The Arc de Triomphe was commissioned by the Emperor Napoléon I in 1806 to celebrate the triumph of his armies over the rest of Europe in the early nineteenth century, particularly his triumph over the Russian and Austrian Empires at the Battle of Austerlitz in 1805.
In recent decades, however, the Arch has merely served to demonstrate the triumph of cars over people. Cars have unlimited rights to careen around the circle that surrounds the Arch, where twelve major streets come together. People, if they want to visit the Arch, can only reach it by going through an underground tunnel like rats or moles.
When you emerge from the tunnel, the first thing you see is (you guessed it) traffic, this time from inside the circle instead of outside.
To get to the top you have to walk up the usual winding staircase, but it’s easier than most because there are two staircases, one for going up and one for going down, so the ascenders and the descenders don’t keep blocking each other’s way. There is an elevator aka lift which was out of order when I was there. I’m told it is usually out of order except when they do special tours for disabled people, in which case it miraculously starts working again. (Perhaps someone who has had experience with this can say more?) In any case, the elevator only goes up to the next-to-highest level, where the souvenir shop is, not directly up to the top.
When you do get to the top you have views of the twelve avenues that radiate out from the arch in all directions. The best known of these is the Avenue des Champs-Élysées with its disgusting ten lanes of cars. From the top of the Arch you fortunately can’t smell the exhaust fumes, but you can certainly hear the traffic noise, the same incessant humming that you hear if you happen to live near a motorway, punctuated with the individual roars of sports cars or motorcycles as they accelerate wildly when the lights change. The Avenue des Champs-Élysées leads off to the southeast, towards the Place de la Concorde and the Louvre.
Going around clockwise from the Champs-Elysées, the next avenue is the Avenue Marceau, which leads off in a more southerly direction, towards the Montparnasse Tower. Avenue d’Iéna, on the right in the same photo, goes off towards Place d’Iéna (named after a battle that took place near the German city of Jena in 1806) and the Eiffel Tower.
Avenue Kléber goes off to the south-southeast, with the Eiffel Tower still visible at the left side of the photo. This avenue was named after a general of the French army, Jean Baptiste Kléber (1753–1800). Avenue Victor Hugo leads off to the southeast. It was named of course after the great nineteenth century author who wrote Notre-Dame de Paris 1482 and Les Misérables, among many other works.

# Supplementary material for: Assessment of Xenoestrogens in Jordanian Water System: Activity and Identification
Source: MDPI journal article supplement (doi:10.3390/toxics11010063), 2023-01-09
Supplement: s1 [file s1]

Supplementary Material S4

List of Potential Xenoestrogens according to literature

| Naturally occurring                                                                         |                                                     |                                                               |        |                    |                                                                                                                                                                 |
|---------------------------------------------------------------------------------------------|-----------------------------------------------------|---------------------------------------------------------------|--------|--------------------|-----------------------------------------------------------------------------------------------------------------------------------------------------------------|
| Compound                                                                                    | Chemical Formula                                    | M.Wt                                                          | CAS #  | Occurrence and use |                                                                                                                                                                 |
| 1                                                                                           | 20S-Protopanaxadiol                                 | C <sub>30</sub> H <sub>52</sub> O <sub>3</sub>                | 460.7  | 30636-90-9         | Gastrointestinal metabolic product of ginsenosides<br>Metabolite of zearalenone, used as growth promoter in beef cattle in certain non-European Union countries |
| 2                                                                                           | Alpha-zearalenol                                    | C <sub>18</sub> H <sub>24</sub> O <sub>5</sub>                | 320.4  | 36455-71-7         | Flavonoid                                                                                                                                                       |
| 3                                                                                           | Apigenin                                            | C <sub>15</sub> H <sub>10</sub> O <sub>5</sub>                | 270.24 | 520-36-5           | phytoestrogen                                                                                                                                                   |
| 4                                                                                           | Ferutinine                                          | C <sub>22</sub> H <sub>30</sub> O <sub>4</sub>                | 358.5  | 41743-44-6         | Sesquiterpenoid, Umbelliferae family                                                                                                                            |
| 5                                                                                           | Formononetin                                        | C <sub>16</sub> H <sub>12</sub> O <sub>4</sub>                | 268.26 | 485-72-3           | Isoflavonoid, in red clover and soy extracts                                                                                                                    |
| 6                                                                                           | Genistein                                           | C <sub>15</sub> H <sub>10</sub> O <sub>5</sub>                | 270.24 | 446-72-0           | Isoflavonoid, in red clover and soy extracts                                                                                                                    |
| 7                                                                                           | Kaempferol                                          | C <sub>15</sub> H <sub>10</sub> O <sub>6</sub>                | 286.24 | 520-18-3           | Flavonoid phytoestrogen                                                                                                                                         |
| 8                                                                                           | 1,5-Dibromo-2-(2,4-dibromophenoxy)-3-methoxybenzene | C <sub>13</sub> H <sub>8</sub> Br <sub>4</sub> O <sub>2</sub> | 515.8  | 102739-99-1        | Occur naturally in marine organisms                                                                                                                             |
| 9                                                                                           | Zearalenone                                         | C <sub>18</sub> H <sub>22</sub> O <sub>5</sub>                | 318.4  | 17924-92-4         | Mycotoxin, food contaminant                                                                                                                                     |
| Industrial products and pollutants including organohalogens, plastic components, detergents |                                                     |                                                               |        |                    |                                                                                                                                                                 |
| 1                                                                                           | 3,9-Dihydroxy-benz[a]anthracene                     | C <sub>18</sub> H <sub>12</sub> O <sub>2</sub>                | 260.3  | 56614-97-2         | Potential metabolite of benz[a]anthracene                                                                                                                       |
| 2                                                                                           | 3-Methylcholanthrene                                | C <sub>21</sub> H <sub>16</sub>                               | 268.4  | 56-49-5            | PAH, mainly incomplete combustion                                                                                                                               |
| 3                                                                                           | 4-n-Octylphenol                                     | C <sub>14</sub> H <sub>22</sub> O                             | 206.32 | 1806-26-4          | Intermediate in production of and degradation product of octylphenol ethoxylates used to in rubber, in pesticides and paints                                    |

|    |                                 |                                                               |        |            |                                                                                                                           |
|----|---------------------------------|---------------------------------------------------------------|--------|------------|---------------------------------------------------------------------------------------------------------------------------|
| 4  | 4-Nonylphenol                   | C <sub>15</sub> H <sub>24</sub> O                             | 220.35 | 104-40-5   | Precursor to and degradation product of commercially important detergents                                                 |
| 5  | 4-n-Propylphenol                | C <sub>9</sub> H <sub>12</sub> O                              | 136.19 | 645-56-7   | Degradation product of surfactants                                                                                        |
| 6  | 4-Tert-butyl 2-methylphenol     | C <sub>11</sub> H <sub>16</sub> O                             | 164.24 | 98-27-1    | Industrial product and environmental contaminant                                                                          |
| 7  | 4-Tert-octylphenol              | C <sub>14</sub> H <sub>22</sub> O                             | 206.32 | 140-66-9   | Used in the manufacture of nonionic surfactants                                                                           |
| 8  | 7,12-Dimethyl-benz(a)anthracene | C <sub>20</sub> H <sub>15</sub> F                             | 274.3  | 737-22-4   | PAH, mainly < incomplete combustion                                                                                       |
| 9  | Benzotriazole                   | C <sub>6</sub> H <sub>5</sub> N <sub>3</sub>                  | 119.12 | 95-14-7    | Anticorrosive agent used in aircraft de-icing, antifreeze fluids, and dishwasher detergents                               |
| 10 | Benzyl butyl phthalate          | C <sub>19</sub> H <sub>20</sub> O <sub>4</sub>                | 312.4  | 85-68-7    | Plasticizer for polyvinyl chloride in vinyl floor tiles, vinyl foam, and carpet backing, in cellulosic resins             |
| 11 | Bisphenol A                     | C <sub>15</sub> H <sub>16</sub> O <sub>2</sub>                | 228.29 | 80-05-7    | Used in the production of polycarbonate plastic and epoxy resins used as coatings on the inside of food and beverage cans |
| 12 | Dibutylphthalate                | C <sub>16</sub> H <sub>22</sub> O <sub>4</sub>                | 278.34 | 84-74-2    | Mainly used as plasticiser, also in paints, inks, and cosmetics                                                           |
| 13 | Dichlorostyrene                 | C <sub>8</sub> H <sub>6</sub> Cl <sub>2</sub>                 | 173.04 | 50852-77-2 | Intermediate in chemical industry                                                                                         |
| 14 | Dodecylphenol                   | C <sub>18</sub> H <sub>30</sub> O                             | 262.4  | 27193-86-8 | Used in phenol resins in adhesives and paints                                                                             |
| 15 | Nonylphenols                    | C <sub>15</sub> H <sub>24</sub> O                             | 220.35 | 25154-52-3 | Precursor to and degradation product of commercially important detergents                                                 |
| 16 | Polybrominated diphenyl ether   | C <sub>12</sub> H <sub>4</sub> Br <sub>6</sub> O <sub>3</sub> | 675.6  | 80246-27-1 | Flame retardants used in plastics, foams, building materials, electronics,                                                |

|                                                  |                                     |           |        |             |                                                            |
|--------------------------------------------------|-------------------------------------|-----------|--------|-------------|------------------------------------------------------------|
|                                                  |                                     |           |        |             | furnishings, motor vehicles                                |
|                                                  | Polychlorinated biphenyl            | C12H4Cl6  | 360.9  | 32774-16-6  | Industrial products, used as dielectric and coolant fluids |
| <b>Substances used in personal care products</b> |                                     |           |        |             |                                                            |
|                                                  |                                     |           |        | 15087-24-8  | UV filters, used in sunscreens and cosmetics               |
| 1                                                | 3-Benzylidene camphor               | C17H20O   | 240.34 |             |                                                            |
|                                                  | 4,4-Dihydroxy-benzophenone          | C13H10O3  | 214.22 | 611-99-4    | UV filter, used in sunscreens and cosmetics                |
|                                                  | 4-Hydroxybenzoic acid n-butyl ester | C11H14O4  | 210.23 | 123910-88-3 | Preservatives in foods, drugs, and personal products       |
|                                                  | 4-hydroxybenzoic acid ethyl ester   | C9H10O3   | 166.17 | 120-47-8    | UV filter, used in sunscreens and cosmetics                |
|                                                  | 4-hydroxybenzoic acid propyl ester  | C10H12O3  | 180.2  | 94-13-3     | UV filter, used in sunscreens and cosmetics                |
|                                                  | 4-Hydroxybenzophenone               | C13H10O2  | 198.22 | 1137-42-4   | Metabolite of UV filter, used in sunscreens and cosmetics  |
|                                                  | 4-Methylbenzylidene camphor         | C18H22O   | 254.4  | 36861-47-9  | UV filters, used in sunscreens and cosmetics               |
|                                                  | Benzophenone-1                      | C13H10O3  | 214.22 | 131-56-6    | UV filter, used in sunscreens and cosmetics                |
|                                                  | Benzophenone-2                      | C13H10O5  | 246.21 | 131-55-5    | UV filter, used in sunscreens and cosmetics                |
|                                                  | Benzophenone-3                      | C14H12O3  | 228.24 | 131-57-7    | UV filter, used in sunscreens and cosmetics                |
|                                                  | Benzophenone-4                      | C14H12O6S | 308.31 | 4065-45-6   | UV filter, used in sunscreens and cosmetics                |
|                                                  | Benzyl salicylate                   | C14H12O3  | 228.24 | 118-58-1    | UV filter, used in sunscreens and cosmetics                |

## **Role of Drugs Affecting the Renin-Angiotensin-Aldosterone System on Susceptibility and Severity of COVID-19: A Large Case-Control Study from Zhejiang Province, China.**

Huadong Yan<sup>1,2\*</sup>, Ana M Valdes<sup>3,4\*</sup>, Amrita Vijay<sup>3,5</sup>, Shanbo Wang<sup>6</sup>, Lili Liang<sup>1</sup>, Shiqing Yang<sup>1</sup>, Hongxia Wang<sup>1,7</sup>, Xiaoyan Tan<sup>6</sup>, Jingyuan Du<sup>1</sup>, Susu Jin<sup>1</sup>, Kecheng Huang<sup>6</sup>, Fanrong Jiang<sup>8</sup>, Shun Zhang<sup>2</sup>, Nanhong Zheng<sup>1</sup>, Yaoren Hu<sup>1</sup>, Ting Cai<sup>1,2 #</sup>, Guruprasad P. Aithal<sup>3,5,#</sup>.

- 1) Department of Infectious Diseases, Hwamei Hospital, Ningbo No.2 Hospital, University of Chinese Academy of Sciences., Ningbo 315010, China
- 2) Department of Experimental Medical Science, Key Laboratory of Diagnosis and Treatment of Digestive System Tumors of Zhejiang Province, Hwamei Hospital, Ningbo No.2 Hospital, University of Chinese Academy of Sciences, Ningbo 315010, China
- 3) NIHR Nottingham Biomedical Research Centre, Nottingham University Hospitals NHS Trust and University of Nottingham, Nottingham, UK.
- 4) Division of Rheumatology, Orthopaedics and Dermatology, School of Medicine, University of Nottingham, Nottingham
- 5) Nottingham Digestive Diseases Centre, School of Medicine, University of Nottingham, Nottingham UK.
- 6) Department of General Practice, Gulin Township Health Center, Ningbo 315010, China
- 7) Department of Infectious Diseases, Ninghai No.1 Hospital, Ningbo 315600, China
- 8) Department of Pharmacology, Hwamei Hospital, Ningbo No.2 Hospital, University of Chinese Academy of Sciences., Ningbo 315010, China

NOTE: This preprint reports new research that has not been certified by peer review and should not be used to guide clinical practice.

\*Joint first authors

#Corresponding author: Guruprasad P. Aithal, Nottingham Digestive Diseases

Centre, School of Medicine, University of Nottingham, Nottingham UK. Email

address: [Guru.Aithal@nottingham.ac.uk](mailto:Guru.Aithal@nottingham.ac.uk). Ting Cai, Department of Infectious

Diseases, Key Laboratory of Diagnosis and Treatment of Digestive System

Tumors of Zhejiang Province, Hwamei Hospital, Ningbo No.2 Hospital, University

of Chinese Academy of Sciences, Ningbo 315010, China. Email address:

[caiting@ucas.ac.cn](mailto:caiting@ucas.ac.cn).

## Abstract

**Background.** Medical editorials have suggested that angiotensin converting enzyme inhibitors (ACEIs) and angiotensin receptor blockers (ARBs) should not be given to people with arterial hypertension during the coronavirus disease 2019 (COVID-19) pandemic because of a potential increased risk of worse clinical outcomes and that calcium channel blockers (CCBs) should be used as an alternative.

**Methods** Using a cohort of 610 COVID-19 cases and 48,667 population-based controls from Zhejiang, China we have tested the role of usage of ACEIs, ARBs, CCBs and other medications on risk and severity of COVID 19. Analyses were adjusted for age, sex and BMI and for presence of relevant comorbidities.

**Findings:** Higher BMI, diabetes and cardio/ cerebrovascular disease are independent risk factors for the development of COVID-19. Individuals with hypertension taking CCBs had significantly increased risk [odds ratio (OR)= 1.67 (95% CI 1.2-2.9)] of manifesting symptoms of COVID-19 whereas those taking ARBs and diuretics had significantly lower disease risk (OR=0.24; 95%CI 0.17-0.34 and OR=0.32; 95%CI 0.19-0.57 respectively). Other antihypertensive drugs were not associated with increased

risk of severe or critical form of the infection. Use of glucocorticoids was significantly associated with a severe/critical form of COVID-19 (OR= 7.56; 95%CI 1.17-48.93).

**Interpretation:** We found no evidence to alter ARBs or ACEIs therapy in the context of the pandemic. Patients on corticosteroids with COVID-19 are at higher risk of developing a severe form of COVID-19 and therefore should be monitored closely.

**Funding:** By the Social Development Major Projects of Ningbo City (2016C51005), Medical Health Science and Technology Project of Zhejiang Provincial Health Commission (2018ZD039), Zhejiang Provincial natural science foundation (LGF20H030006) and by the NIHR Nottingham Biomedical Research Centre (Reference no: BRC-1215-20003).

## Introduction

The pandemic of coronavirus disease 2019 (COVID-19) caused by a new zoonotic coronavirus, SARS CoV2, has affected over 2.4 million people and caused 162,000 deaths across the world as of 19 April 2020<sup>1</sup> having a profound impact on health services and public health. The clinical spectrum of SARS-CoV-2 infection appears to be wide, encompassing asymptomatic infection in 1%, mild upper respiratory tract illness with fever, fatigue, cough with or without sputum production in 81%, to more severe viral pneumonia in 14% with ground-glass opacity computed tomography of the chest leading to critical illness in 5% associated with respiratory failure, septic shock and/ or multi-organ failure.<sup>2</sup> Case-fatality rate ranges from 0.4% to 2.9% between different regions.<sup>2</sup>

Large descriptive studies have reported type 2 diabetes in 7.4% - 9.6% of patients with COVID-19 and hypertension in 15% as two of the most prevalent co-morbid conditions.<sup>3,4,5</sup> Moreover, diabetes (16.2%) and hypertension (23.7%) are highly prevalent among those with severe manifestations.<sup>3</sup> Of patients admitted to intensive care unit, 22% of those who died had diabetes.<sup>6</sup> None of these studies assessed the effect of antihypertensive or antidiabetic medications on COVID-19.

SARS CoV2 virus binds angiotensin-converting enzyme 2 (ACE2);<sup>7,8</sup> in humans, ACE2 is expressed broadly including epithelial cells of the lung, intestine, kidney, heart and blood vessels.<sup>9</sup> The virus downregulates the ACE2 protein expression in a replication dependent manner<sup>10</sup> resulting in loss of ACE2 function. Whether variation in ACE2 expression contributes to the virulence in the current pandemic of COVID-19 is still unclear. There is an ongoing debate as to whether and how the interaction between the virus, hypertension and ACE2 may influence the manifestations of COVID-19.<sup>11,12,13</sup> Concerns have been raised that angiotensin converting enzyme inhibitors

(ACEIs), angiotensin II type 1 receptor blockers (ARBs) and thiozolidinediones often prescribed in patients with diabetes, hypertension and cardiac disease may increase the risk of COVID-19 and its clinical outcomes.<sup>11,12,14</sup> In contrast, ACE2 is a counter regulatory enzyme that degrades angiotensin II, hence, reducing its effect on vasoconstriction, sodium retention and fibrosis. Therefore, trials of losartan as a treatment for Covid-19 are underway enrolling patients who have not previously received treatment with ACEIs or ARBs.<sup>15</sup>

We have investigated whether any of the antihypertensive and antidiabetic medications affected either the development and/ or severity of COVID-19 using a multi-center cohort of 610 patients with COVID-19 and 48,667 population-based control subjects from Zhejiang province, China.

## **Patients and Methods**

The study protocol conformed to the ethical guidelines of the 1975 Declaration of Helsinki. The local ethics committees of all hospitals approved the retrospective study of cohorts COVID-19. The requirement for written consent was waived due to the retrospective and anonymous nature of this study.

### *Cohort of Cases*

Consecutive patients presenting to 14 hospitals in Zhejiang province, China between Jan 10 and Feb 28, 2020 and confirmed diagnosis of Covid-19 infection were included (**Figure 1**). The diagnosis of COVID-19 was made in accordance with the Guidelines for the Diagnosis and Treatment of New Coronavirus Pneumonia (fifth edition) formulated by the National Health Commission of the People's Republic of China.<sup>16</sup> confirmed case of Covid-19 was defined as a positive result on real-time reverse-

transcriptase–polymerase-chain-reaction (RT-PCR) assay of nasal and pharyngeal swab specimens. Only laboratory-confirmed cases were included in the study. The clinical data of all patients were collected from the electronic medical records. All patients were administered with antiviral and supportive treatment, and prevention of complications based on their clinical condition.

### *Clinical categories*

Avenue Foch, with its wide light brown gravelly sidewalks, goes off in an easterly direction towards the woods called Bois de Boulogne. This avenue was named after another general, Ferdinand Foch (1851-1929).
Next, the Avenue de la Grande Armée leads off roughly to the west-northwest towards La Defense. This avenue, which was named after Napoléon’s large army, is practically the continuation of the Avenue des Champs-Élysées.
Continuing around clockwise, we come to Avenue Carnot, a shorter avenue which goes off to the northwest. There have been several prominent people named Carnot, such as the physicist and military engineer Nicolas Léonard Sadi Carnot (1796-1832) and his nephew Marie François Sadi Carnot (1837-1894), who was president of France from 1887 until his assassination in 1894.
Avenue Mac-Mahon goes off in a more northerly direction. It was named after Patrice de Mac-Mahon, Duc de Magenta, a French general (of Irish ancestry) who served as Chief of State of France from 1873 to 1875 and as the first president of the Third Republic from 1875 to 1879.
Avenue de Wagram leads off more or less to the northeast. It was named after a battle that took place in Austria in 1809 and was of course a French victory, otherwise they wouldn’t have named the avenue after it. (You may have noticed that in Paris there is no street, avenue, square or boulevard named Waterloo. Not even an impasse.)
Avenue Hoche goes northeast to Parc Monceau, with Sacré-Coeur visible in the distance on a hill off to the right. This avenue was named after Louis Lazare Hoche (1768–1797), who was a general in the French Revolutionary Army. Avenue de Friedland goes off roughly to the west. Friedland was the site of a battle (what else?) in 1807, in which Napoléon’s army defeated a Russian army in East Prussia.
Having come full circle, we are now back at the Avenue des Champs-Élysées, where traffic has mercifully let up a bit in the meantime.
My photos in this post are from 2011 and 2012. The text was last revised in 2017.